Telling two stories at the same time, the present-day story of Charlotte De La Cruz and then the historical story of her ancestors, is a cool stylistic choice that really works for the comic as a whole. However, from one plot to the next, and issues by issue, there seems to be a bit of an imbalance between in how Assassin’s Creed splits its time and resources. There are often pages and sequences which could have made a bit more sense with just one more panel establishing a character, object, or action. But instead, in what I assume is an effort to have enough space for everything planned, some events are bunched together, some actions are largely implied, and other corners have apparently been cut. This is in addition to my occasional gripes with speech bubble placement and the uneven use of sound effects, which can often drag me out of an otherwise immersive moment.
But, in recognition of the expanding narrative, these problems are largely forgivable if you read the entire story in one go. When enjoyed in one session, from beginning to end, the Setting Sun storyline of Assassin’s Creed:Assassins tells a much more realized tale of Charlotte’s growing adventure, and makes better use of each issue to keep us engaged in the same cluster of events. Where the Trail By Fire arc could be easily partitioned into four or five tenuously related stories with slightly haphazard outcomes, all of Setting Suns parts consistently feel like they are moving in one planned direction and for the same reasons.
One of Setting Suns components that isn’t really good or bad, but perhaps a little curious, is the lack of Charlotte’s commentary whilst peeking in on Quila’s life. During her time with Tom Stoddard in Trial By Fire, Charlotte’s own thoughts often appeared right alongside Stoddard’s, giving us a deeper view of their personal differences and what she thought about the information she acquired because of it. In Setting Sun this is almost entirely absent, and the only times we normally hear Charlotte’s voice while viewing the past is when she is either entering or leaving the Animus dive itself.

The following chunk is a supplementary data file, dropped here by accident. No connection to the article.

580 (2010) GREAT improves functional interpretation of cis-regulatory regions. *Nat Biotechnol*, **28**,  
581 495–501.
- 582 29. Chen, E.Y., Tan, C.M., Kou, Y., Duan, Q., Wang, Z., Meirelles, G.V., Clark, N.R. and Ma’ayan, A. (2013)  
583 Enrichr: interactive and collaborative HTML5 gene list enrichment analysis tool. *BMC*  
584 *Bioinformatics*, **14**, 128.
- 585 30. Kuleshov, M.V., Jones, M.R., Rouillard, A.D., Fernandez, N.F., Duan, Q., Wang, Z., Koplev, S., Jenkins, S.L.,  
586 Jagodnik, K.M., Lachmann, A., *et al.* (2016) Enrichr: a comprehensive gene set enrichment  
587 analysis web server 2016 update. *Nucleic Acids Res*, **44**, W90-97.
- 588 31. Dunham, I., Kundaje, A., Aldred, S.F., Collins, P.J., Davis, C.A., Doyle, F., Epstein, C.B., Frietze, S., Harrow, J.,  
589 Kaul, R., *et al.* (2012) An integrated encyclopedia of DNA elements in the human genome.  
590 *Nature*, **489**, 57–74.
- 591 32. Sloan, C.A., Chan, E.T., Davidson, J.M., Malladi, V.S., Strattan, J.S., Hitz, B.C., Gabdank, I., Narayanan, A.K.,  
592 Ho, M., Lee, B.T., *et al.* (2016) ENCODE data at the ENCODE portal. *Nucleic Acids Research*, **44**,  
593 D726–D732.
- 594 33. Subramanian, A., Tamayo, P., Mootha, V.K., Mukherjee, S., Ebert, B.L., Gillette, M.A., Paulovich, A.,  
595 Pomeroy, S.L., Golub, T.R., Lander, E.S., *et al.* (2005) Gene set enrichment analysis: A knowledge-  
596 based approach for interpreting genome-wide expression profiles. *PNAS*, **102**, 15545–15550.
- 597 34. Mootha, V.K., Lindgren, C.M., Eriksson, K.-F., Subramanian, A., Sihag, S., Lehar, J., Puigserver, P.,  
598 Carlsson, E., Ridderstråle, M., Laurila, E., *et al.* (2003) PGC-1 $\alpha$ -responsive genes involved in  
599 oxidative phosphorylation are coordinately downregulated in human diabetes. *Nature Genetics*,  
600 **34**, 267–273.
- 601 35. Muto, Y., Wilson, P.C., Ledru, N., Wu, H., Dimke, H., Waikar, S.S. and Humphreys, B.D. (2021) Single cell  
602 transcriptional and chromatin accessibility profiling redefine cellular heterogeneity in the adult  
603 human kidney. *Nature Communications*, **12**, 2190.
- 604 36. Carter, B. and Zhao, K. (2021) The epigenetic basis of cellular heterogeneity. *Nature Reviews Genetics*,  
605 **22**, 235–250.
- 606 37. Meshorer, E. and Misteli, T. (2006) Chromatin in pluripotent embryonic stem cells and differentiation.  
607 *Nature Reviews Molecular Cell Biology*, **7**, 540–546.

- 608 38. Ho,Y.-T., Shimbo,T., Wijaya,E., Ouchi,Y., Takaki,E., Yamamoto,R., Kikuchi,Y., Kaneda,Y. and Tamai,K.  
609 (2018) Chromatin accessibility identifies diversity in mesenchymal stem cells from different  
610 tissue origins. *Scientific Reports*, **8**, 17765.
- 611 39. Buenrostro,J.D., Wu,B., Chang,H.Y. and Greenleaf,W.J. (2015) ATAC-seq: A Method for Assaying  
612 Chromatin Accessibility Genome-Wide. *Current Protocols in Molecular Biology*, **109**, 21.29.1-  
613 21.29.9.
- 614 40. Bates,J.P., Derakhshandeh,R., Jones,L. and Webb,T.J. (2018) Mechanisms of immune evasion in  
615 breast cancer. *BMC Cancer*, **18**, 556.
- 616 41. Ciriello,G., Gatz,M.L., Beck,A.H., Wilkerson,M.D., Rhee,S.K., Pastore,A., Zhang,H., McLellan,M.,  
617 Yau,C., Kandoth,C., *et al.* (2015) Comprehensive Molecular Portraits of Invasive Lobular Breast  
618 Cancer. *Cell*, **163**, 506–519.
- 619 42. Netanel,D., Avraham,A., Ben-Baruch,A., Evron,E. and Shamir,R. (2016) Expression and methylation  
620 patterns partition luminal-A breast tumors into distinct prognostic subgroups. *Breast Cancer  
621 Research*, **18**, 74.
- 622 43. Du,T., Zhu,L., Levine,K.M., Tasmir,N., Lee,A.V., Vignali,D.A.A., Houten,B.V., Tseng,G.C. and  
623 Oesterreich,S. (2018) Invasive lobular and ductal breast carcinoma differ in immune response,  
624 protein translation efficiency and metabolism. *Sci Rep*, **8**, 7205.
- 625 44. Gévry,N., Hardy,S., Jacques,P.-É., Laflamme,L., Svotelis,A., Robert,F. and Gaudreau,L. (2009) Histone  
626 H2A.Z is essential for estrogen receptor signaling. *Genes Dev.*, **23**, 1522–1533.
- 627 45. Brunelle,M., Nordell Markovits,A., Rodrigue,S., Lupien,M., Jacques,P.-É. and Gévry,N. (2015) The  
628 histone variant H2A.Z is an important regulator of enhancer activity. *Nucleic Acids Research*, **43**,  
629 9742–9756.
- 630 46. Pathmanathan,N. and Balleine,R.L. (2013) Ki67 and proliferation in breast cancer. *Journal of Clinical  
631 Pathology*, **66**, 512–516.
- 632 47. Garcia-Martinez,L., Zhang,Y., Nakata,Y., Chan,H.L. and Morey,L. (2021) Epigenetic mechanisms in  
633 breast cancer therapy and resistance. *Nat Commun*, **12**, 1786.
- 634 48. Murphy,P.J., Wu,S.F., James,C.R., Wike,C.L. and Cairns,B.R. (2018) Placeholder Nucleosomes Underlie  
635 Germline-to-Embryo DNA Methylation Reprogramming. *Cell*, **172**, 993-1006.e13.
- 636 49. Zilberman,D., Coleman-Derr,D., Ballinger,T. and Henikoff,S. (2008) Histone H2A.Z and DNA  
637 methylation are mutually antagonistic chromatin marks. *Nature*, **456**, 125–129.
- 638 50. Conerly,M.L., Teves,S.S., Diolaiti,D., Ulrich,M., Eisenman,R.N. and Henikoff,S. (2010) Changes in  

Although the absence of Char’s monolog is notable, I don’t exactly consider it problematic, at least in this story. Although it does remove some perspective relating to Charlotte, it also allows us to focus more on Quila’s story and connect with her struggle individually. When you consider the fact that none of Charlotte’s dive targets are promised happy endings and could be killed off in any number of ways, at any moment, Char’s narrative absence makes the tension more real when her ancestors face peril. In Quila’s case, this is particularly true, since she is not a warrior and is living in a time of enormous conflict.
In the end, I feel like the Setting Sun arc of Assassin’s Creed: Assassins is an overall improvement since the Trial By Fire storyline. Although the Charlotte/Stoddard story had a few intriguing supernatural aspects that were absent here (and that I missed), the Charlotte\Quila adventure was more relatable and better complimented each other. Charlotte’s Assassin partners, Kody and Galina, still remain a bit anemic in their development, and will definitely require more attention as the series moves forward if they are to remain relevant instead of becoming distractions.
The art in the books is still great, and the clear, defined, vibrant colors keep everything looking alive. But the overall composition still has small issues with consistency that even a non-critical eye might find bothersome, especially if these books are experienced outside of a binge.
Although it might be a little difficult to follow outside of its truest order, I would recommend a new reader to try their hand at the Setting Sun arc first to really get a feel for this series potential, and then if they enjoy it, to go back to Trial By Fire to fill in the gaps. This series is really a lot of fun, and is bristling with potential it has yet to really tap. Despite its problems here and there, the Setting Sun arc of Assassin’s Creed: Assassins really shows off what the series is capable of and I hope the upcoming The Balancing Act arc cashes in on it.